The birth of visa trouble
Dahlia A. Walker-Huntington, Contributor
Dear Mrs Walker-Huntington,
Last year, I had my son in the United States (US). I spent six months (the time allocated), then returned to Jamaica. Upon returning to the US three months later with my son, I was stopped by an immigration officer who accused me of living in the US as I had spent six months prior. He further went on to say that I had my baby in the US and that I received Medicaid, which was considered fraudulent by the government. The officer also said that I had spent six months in previous years (when, in fact, I spent five months). He told me that when reapplying for my visa, I should tell them that I had a baby in the US and received Medicaid.
I told him that I had a premature birth and it was not my intention to have my baby there, but due to complications, I did. He asked me how I obtained Medicaid and I informed him that I was told about it by a nurse. He took me into custody and spoke to his supervisor who subsequently told him to let me go. Before that, he asked how long I intended to stay in the US and I told him, one month. He then stamped one month in my passport. My visa expires on November 13, 2010.
1. Will the fact that I was stopped by Immigration affect my chances of renewing my visa and will what I said be at the US Embassy?
2. Do I have to inform the embassy when reapplying that I had a child in the US and that I received Medicaid?
3. Should I renew the visa before the expiration date?
Please help me to understand the ramifications of what transpired, given the details of my ordeal.
I patiently await your advice.
While I have previously addressed the same issue in my columns, this is a situation that I am constantly presented with by Jamaican women and feel it necessary to revisit the issue.
Firstly, when you are in the US on a non-immigrant visa, you are not entitled to stay there for months at a time. The Customs and Border Protection Officers (CBP) at the airport normally stamp six months in your passport for convenience. It does not mean that you are to stay six months on your B1/B2 visa.
If you spend five months in the US, return to Jamaica for a few weeks, then go back to the US for six months, you are actually spending more time in the US than you are in your native country. It says to the CBP officer that you are, in fact, living in the US, and by extension, the presumption is that you are working without authorisation in the US.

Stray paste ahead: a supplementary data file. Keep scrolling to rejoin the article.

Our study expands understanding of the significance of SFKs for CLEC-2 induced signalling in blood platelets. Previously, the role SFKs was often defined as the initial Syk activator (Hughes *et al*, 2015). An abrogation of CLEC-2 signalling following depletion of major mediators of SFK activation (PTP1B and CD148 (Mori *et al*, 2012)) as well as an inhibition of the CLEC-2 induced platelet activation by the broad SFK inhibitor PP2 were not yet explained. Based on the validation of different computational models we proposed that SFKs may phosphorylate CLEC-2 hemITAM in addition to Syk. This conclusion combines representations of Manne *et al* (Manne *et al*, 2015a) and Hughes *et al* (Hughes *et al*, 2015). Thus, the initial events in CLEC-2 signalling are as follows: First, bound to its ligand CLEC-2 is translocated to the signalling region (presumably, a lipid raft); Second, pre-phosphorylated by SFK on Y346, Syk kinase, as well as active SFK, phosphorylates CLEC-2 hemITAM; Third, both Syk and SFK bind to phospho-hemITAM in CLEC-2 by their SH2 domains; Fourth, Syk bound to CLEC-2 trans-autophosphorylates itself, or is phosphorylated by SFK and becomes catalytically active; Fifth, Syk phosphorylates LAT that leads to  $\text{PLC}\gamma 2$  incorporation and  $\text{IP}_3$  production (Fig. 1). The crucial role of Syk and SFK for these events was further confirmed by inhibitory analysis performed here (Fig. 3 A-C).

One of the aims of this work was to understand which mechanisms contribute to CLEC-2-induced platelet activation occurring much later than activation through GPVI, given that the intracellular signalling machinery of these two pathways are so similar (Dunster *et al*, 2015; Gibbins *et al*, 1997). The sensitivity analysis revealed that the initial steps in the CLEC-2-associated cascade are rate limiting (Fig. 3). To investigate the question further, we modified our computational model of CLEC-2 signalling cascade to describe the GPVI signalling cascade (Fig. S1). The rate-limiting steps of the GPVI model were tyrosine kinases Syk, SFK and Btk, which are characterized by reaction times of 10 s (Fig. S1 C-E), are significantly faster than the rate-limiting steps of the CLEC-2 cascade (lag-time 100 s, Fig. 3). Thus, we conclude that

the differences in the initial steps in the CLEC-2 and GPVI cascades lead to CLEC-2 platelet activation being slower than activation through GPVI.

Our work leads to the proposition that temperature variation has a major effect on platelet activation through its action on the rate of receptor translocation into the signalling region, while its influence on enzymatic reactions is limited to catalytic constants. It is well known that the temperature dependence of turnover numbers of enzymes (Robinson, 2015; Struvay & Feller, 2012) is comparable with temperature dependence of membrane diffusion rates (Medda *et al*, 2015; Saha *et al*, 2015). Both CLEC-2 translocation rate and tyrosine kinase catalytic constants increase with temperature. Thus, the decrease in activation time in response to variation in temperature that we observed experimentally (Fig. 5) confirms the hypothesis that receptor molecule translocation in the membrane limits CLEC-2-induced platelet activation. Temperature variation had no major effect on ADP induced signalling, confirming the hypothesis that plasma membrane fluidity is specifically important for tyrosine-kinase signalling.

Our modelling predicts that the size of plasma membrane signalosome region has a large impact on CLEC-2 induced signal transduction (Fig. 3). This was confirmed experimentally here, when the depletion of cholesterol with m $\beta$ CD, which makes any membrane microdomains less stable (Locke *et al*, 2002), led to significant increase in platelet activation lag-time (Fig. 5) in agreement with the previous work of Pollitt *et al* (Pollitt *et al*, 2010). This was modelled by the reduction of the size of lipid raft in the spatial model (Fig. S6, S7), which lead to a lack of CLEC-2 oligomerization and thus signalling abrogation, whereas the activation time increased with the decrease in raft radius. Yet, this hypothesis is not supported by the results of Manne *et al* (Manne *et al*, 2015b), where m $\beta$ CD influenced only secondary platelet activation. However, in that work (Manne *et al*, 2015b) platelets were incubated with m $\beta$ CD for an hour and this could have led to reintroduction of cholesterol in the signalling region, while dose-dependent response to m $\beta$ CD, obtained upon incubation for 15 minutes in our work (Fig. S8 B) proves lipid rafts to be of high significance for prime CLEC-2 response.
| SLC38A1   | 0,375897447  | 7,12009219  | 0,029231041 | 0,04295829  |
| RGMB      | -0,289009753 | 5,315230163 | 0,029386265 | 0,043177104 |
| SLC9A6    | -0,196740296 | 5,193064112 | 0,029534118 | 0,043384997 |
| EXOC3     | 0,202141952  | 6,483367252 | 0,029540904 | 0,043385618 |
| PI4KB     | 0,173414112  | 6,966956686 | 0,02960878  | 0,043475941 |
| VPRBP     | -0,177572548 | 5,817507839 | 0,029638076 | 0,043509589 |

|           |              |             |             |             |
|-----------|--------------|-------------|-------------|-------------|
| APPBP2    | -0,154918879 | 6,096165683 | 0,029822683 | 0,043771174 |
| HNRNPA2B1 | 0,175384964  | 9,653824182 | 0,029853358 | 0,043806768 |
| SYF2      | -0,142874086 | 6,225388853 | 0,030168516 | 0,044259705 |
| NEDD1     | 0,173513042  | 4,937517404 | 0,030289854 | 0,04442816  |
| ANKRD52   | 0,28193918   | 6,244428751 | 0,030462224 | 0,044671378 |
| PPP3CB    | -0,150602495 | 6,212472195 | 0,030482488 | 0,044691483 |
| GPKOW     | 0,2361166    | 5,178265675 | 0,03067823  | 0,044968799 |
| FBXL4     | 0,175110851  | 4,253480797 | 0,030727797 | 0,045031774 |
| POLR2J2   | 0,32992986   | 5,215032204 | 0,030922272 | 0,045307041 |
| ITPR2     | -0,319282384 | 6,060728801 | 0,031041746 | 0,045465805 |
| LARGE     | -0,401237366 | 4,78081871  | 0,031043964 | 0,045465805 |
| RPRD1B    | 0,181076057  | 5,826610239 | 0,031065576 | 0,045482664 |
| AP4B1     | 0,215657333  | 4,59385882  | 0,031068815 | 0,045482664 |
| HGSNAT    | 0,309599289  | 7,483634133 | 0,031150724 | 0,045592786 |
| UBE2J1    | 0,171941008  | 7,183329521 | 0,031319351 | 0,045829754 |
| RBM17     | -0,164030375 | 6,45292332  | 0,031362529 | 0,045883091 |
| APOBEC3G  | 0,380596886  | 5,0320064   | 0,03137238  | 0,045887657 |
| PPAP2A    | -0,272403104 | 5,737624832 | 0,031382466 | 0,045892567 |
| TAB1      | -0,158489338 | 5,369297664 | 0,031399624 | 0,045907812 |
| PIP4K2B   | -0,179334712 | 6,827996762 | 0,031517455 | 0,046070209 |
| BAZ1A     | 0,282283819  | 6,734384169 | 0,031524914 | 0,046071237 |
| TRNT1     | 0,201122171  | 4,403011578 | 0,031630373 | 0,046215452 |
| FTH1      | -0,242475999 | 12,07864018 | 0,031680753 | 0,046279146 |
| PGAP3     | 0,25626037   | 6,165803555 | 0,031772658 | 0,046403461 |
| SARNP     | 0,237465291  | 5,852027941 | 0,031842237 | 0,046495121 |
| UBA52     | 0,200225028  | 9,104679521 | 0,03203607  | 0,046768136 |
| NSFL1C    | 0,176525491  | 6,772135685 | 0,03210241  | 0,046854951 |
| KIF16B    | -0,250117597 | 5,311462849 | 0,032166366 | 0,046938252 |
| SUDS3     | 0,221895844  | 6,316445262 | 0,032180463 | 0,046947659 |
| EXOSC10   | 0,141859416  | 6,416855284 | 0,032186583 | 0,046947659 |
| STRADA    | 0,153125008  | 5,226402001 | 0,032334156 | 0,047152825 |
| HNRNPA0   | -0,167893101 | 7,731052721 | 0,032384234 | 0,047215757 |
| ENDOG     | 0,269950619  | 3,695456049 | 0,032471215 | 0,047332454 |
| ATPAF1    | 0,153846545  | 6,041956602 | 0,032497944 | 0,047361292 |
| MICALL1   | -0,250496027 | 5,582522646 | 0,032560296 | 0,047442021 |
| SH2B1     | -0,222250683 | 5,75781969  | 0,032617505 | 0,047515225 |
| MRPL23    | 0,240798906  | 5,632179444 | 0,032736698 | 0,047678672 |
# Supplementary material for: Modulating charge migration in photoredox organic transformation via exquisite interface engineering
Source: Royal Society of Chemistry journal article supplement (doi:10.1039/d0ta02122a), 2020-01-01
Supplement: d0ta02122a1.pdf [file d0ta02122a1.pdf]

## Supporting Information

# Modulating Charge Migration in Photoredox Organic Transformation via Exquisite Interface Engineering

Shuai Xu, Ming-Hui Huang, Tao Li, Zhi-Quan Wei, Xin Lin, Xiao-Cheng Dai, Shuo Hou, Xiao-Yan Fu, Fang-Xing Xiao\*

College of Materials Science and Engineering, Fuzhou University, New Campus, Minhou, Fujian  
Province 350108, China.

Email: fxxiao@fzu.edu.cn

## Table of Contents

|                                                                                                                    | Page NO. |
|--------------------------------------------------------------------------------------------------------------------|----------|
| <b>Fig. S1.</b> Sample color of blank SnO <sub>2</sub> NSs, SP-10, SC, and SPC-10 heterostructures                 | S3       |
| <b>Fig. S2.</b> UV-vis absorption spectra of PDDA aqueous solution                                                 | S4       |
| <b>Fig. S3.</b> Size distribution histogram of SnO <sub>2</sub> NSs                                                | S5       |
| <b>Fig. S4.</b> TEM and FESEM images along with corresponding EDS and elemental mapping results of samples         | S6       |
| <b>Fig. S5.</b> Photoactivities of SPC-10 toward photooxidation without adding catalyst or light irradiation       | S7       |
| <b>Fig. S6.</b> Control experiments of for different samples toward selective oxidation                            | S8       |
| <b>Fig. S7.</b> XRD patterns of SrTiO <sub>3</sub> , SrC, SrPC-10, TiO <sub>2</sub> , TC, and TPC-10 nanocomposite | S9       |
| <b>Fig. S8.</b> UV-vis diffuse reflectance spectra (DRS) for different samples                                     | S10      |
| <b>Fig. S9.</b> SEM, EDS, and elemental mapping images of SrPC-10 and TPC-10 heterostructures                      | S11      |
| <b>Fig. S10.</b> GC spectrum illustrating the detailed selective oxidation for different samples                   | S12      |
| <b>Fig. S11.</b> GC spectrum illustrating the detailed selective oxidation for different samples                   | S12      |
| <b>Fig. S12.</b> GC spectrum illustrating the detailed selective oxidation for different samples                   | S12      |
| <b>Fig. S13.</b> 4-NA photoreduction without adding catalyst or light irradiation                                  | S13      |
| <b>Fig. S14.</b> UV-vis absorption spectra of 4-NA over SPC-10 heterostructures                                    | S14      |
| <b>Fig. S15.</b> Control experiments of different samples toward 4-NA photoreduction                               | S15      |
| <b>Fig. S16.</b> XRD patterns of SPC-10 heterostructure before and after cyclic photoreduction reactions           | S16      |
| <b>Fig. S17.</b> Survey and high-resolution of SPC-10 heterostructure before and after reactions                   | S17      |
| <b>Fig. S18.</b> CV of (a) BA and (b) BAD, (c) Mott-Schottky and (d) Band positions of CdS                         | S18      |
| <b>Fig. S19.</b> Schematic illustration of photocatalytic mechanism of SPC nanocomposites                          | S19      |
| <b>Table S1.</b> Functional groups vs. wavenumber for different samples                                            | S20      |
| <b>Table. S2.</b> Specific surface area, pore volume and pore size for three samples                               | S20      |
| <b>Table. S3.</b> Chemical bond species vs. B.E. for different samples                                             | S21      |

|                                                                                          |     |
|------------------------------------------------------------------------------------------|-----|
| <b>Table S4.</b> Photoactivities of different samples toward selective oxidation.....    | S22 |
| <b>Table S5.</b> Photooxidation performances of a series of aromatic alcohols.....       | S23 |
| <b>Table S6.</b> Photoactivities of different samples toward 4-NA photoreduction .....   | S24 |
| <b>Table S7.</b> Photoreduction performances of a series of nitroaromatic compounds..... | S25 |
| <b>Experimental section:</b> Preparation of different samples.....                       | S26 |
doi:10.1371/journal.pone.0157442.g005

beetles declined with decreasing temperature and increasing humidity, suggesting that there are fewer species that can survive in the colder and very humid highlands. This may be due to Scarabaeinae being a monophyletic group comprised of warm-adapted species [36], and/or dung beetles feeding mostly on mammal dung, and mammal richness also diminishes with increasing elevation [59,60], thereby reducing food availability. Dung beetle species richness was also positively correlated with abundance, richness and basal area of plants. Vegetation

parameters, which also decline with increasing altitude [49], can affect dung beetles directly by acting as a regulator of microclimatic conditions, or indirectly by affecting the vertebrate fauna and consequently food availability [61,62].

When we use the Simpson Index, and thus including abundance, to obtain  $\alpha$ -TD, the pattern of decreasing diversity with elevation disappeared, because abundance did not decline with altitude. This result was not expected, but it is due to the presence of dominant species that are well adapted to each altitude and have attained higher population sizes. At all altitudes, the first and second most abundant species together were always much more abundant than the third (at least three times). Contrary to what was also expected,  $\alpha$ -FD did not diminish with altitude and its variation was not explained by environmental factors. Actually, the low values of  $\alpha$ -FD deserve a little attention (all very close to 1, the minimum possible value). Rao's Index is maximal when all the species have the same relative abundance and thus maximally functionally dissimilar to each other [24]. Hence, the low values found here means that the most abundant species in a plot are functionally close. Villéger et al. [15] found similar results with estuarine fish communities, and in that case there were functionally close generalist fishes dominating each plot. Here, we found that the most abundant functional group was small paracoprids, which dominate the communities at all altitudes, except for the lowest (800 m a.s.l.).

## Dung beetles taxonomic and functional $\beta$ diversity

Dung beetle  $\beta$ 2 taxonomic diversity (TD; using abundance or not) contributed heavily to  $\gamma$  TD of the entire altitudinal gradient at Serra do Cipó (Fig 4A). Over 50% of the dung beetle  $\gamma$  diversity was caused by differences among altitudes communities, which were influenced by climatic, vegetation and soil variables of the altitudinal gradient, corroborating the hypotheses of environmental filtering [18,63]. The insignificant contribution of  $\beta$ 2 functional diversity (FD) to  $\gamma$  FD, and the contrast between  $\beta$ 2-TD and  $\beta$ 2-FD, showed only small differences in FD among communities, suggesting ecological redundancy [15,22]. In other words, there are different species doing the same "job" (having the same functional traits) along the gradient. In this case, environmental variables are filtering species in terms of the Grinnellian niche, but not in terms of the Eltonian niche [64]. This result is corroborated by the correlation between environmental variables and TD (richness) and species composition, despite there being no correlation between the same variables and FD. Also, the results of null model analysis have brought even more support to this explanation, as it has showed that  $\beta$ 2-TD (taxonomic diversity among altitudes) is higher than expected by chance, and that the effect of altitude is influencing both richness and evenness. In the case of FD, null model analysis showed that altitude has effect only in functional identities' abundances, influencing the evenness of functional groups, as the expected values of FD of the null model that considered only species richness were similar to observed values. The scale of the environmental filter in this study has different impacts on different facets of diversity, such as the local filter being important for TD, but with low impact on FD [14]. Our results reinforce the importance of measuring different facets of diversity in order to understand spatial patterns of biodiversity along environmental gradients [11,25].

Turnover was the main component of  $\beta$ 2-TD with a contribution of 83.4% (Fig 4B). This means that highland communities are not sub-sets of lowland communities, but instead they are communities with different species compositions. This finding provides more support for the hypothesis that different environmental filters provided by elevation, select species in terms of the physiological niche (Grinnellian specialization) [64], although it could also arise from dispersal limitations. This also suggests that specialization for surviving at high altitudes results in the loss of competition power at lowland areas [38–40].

A visitor goes for a few weeks and returns home to their family and their jobs.
Secondly, when you go to the US as a visitor, you are not to become a public charge on the government and the taxpayers of the US. Women who have babies in the US and receive Medicaid to pay for the birth of the child become a burden on the country.
Your child, as a US citizen, is entitled to government benefits, but you, as a non-immigrant are not. If you go to a hospital to have a child, the hospital wants to make sure they are paid and you do not leave the US without them having an opportunity to collect their money - hence, they will make a social worker available to you to enrol you in Medicaid.
Unfortunately, once Medicaid pays the medical bill, they do not have a mechanism by which to be reimbursed.
Under US immigration laws, however, receipt of Medicaid for the birth of a child violates the terms of your non-immigrant visa and makes you subject to the revocation of your visa. Fortunately for you, the CBP supervisor was lenient and allowed you to enter the US. However, when it is time for you to renew your visa, you must assume that the CBP officer noted in your files that you became a public charge and that you spent excessive periods of time in the US and that the information is on your record.
When you apply for or to renew a non-immigrant visa, you must be absolutely truthful on your application. It asks you if you have specific family members who are US citizens or lawful permanent residents. You have a US citizen son and must therefore declare your relationship to him on your application. If you cannot provide proof to the consular officer at the US Embassy that you paid for the birth of your child in the US, you will not be granted a US visa. Likewise, if and when you take your child to the US Embassy to renew his US passport, if you are the holder of a current US visa, you may have your visa revoked if you cannot prove that you paid for the birth of your child.
Dahlia A. Walker-Huntington, Esq, is a Jamaican-American attorney who practises law in Florida in the areas of immigration, family, corporate and personal-injury law. She is a mediator, arbitrator and special magistrate in Broward County, Florida. firstname.lastname@example.org.